Direct and indirect costs of an accident

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Capitol Update, Dec. 21, 2015 Share this on FacebookTweet thisEmail this to a friend

What does an accident really cost? To answer that question you need to understand that accidents of any kind have both direct and indirect costs. Direct costs are usually the cost of insurance increases that you might experience as a result of that accident such as a rate increase due to increased accident frequency or severity and any out-of-pocket costs you have associated with damages, such as a direct payment to a third party or your deductible. Indirect costs are those costs that are not direct damage expenses, pre-funded loss allocations or losses covered by insurance.

Before we examine the direct and indirect costs, let's make sure we understand what an accident is and what the truth is about the "hidden" costs of an accident.

What is an accident?

An accident is an unplanned event definite to time and place that results in injury or damage to a person or property. An accident's impact can be measured monetarily.

The direct costs are outlined above, the indirect costs or hidden costs might include:

¨ Lost productivity due to the absence of an injured worker or workers.

¨ Lost productivity of employees who assist in the rescue, cleanup, and repairs caused by an accident.

¨ The cost to repair or replace damaged property, equipment or vehicles.

¨ Rental costs while equipment or vehicles are repaired.

¨ The loss of a revenue stream or contract.

¨ Damage to an organization's public image.

¨ Overtime expenses incurred by additional staff needed to make up for the lost worker or workers.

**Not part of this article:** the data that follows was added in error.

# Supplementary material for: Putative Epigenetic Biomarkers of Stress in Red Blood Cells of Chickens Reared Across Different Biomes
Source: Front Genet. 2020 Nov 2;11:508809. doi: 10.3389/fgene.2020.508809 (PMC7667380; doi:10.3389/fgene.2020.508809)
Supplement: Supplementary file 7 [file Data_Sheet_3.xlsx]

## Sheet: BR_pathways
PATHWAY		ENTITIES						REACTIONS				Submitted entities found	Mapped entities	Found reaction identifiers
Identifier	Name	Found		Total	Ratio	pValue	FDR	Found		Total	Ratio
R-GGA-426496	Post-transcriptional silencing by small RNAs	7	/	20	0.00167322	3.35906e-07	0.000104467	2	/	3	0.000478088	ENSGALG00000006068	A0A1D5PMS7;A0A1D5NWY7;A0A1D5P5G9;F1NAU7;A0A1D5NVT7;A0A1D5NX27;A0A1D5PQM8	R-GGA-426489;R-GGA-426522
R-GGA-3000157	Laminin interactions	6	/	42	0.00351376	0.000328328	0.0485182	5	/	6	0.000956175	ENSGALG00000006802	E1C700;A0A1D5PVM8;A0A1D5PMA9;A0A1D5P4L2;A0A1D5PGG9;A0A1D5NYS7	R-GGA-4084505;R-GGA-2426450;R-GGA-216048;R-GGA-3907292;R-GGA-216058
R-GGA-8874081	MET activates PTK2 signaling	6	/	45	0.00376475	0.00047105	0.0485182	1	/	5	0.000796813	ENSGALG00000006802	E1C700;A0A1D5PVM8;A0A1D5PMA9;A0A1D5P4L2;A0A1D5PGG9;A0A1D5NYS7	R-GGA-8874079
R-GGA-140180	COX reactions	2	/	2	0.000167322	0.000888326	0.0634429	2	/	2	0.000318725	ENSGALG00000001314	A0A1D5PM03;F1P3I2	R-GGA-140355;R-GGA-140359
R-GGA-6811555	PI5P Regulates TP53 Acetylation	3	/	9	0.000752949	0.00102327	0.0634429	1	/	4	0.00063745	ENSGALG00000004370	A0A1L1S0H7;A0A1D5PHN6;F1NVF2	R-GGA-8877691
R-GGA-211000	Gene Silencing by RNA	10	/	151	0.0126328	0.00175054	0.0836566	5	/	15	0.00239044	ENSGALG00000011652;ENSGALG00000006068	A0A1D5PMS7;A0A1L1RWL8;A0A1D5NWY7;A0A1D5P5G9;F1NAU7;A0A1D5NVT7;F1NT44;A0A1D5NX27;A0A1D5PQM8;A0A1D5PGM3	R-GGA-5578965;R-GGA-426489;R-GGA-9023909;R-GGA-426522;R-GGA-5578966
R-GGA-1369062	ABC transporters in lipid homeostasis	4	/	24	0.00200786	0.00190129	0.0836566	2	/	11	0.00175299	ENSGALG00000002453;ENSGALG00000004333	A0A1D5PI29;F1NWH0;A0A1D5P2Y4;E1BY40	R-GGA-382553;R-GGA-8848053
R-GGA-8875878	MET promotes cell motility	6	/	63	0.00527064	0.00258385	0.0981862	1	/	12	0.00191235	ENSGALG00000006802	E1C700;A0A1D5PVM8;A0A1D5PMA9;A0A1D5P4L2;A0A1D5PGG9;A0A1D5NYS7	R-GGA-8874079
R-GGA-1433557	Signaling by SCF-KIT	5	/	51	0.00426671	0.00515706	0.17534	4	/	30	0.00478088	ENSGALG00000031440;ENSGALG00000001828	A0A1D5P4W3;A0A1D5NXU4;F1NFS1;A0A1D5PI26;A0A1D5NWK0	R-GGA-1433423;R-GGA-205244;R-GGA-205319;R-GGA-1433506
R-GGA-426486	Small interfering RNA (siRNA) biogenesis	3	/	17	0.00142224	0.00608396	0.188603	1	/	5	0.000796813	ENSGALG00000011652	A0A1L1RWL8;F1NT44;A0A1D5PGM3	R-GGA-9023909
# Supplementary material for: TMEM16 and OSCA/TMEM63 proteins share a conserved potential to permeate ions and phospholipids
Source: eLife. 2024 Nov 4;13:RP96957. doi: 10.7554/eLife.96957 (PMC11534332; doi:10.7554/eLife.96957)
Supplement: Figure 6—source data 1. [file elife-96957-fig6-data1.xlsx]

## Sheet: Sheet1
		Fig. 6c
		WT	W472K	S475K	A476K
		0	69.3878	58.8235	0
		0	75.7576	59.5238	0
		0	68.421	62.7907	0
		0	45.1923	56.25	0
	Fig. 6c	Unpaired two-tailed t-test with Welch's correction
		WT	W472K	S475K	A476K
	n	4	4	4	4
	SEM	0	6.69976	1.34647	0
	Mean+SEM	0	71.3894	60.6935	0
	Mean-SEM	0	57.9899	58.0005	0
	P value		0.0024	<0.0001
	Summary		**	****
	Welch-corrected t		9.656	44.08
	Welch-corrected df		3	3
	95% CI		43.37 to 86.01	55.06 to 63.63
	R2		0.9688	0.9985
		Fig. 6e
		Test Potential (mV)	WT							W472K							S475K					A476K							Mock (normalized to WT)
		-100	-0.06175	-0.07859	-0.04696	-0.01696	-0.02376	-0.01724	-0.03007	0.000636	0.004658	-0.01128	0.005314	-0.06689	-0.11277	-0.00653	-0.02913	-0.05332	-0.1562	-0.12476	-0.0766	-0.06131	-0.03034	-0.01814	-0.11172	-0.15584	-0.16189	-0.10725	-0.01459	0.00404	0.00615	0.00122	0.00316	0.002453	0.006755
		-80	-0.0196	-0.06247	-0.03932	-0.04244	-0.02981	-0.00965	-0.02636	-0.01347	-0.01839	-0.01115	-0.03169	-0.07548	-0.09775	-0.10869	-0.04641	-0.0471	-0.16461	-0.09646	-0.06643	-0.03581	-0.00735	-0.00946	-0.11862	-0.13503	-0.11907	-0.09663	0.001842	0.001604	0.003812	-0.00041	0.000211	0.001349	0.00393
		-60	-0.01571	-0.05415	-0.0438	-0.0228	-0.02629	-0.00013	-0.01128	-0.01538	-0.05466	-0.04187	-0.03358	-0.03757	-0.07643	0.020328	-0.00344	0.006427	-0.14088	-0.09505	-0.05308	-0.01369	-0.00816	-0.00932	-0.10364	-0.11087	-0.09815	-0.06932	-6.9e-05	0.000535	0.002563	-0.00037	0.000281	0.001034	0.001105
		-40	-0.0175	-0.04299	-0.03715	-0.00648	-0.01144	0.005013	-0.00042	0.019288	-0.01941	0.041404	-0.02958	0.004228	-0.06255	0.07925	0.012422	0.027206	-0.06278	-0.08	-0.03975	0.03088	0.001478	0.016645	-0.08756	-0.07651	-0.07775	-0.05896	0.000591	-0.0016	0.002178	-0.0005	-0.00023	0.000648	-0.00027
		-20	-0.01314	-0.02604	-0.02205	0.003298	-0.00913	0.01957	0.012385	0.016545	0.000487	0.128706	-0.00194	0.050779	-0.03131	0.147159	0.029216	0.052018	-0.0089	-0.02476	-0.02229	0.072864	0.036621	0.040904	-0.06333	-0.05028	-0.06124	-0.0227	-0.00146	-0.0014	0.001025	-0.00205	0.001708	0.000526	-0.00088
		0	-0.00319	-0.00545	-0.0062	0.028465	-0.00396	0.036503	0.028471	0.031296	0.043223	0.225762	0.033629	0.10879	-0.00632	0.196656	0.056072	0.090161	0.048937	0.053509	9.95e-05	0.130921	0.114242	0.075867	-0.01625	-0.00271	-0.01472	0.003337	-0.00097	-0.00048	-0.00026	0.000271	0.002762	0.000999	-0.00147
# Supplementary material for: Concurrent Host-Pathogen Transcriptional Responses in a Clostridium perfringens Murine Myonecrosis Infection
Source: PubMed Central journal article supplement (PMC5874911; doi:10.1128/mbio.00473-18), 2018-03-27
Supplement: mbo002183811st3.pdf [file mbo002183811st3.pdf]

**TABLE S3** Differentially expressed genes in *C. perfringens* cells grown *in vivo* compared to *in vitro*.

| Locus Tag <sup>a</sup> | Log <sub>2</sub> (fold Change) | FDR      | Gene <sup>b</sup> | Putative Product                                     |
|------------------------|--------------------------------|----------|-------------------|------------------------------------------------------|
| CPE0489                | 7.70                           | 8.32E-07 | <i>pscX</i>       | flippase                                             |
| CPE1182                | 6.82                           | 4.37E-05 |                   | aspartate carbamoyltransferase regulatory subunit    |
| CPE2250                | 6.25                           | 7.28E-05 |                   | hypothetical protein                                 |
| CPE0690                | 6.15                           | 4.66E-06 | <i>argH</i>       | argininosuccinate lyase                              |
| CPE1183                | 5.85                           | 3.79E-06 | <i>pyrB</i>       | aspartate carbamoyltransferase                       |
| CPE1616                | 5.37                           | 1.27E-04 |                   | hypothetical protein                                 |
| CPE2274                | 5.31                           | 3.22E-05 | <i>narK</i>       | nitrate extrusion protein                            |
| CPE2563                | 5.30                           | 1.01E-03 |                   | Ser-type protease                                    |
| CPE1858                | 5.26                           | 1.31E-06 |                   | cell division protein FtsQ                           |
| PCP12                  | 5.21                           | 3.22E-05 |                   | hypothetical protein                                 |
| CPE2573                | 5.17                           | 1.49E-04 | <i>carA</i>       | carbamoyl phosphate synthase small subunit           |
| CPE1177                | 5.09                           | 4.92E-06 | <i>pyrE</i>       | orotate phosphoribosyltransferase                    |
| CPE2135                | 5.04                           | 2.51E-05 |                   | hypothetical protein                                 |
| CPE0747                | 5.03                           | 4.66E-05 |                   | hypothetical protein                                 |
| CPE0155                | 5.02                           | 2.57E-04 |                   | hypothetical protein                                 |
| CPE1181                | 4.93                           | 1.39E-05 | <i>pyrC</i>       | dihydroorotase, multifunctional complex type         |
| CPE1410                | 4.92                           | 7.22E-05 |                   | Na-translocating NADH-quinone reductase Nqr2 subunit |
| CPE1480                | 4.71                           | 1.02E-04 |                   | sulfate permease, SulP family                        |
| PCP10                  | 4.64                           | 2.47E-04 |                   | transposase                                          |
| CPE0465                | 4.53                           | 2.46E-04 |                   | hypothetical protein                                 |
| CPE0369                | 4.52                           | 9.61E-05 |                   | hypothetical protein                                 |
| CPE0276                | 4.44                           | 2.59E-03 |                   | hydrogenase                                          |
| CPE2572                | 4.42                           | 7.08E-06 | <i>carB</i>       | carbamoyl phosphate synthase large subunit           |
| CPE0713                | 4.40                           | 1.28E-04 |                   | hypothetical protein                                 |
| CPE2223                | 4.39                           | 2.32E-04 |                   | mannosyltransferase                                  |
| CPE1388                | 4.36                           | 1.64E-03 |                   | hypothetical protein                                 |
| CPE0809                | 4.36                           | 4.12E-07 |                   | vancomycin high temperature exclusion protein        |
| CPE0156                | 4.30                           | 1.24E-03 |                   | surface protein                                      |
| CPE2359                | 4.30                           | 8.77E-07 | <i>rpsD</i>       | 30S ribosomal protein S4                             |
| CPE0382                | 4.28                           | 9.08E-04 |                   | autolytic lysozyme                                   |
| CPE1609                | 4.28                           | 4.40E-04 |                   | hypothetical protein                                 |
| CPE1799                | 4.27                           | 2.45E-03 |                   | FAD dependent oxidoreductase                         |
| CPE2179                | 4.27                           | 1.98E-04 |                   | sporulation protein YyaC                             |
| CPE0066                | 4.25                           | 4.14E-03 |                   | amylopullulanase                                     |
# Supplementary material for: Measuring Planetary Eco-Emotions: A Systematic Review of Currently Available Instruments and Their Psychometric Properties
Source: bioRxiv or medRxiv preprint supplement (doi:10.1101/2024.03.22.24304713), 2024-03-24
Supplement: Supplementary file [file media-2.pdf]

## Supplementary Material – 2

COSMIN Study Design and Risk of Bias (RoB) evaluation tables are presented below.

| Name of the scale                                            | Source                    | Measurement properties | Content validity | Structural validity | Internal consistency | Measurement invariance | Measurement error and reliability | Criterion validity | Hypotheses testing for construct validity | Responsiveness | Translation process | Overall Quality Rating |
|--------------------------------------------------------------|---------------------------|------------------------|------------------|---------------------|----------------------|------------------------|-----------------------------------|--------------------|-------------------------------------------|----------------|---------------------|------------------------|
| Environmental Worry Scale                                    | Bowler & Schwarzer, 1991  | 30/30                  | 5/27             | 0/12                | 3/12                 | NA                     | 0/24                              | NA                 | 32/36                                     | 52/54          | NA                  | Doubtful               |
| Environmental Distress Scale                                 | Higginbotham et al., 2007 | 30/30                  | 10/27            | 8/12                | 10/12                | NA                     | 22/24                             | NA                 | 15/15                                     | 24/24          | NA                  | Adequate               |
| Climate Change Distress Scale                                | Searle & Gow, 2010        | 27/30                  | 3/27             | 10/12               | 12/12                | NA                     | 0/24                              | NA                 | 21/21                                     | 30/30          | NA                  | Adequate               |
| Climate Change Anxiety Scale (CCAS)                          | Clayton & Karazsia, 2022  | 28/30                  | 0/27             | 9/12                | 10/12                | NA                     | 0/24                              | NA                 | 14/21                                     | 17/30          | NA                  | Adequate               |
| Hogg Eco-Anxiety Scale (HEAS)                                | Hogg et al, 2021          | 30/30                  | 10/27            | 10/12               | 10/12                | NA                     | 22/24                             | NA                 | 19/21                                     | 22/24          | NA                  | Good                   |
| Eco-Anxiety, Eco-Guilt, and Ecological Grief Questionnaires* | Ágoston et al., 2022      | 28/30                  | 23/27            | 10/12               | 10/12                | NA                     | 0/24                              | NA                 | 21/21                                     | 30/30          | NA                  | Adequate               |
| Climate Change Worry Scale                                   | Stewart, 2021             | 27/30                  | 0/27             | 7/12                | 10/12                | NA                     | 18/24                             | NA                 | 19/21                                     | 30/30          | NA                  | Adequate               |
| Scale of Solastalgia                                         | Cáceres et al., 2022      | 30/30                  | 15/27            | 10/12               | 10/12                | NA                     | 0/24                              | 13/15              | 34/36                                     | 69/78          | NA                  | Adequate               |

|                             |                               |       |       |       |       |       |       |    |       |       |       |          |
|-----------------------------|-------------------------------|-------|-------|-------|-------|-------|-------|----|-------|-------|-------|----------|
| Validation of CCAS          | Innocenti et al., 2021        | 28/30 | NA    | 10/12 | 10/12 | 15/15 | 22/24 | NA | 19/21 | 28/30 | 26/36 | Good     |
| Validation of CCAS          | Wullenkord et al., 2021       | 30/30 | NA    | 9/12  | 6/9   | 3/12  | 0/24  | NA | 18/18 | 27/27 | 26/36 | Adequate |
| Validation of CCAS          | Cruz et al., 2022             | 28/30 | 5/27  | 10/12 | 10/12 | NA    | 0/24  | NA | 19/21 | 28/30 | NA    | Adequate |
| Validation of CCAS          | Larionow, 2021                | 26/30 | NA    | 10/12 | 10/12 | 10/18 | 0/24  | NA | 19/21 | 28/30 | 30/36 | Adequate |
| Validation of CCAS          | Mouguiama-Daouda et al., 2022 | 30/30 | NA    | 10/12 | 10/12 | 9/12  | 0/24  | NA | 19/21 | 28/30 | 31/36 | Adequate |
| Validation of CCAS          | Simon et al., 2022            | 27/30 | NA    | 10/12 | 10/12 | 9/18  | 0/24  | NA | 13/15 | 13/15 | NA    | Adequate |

¨ Lost time of supervisors and management who must respond to the accident (assisting injured workers, conducting accident investigations, or dealing with regulatory agencies).

¨ Fines paid to regulatory agencies.

¨ Cost of first aid supplies used to treat the injured.

¨ Costs of hiring and training new employees to fill in for the injured.

¨ Your involvement in any lawsuit.

¨ Negative impact on customer relations due to reduced quality or service.

¨ Loss of customer loyalty due to negative publicity.

The indirect costs of accidents can be even greater than the direct costs. As a conservative estimate, on average for every $1 in direct loss costs per accident there are $3 of indirect costs. In fact, some studies indicate the indirect costs can be 4 to 10 times the direct costs.

To begin identifying the direct and indirect loss costs for an accident, ask this question........

"What happened inside our organization because of this loss?”

The answer to that question will be the starting point for categorizing the direct and indirect cost factors of the accident. Consider the following when answering the question:

1.    Don’t underestimate the accident's impact to your “Brand”.  In the event that a loss disrupts your business in some way, some of your customers are also affected (deliveries not made, contracts unfulfilled, bad press, etc.).  The damage to your brand or the organization's reputation can be the most expensive part of the indirect loss costs.

2. Always focus on "Business Impact".  Consider how this accident will have an impact on your organization's financial statement.  You must understand how it translates to productivity, profitability, competitiveness and human factors expense.

Just as there are many indirect costs associated with accidents, there are indirect savings associated with accident prevention. For this reason, the phrase “loss prevention” is often used to describe those practices that are implemented to reduce the frequency and severity of accidents. Every accident you prevent saves direct and indirect accident costs to your organization, both of which affect your bottom line. Other benefits of accident prevention efforts include:

¨ Safe/uninjured employees.

¨ Property and materials will not be damaged.

¨ No disruption to production, supervisors/managers can focus efforts on other priorities.

¨ Increased employee security at work.

Lost prevention requires an investment of time, capital and management support. But, when you evaluate or forecast the direct and indirect costs associated with any type of accident you realize it’s an investment worth making.

 

 

 

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